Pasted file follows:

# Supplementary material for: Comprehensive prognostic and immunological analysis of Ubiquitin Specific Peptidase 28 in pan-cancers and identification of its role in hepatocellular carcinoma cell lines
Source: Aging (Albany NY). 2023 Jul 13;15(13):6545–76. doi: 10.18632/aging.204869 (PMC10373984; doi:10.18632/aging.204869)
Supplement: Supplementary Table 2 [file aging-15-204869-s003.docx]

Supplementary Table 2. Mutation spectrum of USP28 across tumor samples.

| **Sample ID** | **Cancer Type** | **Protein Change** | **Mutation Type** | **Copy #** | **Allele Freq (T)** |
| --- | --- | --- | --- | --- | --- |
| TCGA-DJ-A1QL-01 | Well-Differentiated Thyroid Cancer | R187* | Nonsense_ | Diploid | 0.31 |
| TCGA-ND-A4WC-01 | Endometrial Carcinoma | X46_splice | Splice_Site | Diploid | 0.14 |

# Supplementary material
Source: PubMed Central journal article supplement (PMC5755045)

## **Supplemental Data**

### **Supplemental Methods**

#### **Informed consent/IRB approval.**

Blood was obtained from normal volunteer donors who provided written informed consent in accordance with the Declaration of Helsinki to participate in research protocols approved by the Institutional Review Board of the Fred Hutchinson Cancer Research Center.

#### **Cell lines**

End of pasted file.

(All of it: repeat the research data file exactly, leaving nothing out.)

# Supplementary material for: Comprehensive prognostic and immunological analysis of Ubiquitin Specific Peptidase 28 in pan-cancers and identification of its role in hepatocellular carcinoma cell lines
Source: Aging (Albany NY). 2023 Jul 13;15(13):6545–76. doi: 10.18632/aging.204869 (PMC10373984; doi:10.18632/aging.204869)
Supplement: Supplementary Table 2 [file aging-15-204869-s003.docx]

Supplementary Table 2. Mutation spectrum of USP28 across tumor samples.

| **Sample ID** | **Cancer Type** | **Protein Change** | **Mutation Type** | **Copy #** | **Allele Freq (T)** |
| --- | --- | --- | --- | --- | --- |
| TCGA-DJ-A1QL-01 | Well-Differentiated Thyroid Cancer | R187* | Nonsense_ | Diploid | 0.31 |
| TCGA-ND-A4WC-01 | Endometrial Carcinoma | X46_splice | Splice_Site | Diploid | 0.14 |

# Supplementary material
Source: PubMed Central journal article supplement (PMC5755045)

## **Supplemental Data**

### **Supplemental Methods**

#### **Informed consent/IRB approval.**

Blood was obtained from normal volunteer donors who provided written informed consent in accordance with the Declaration of Helsinki to participate in research protocols approved by the Institutional Review Board of the Fred Hutchinson Cancer Research Center.

#### **Cell lines**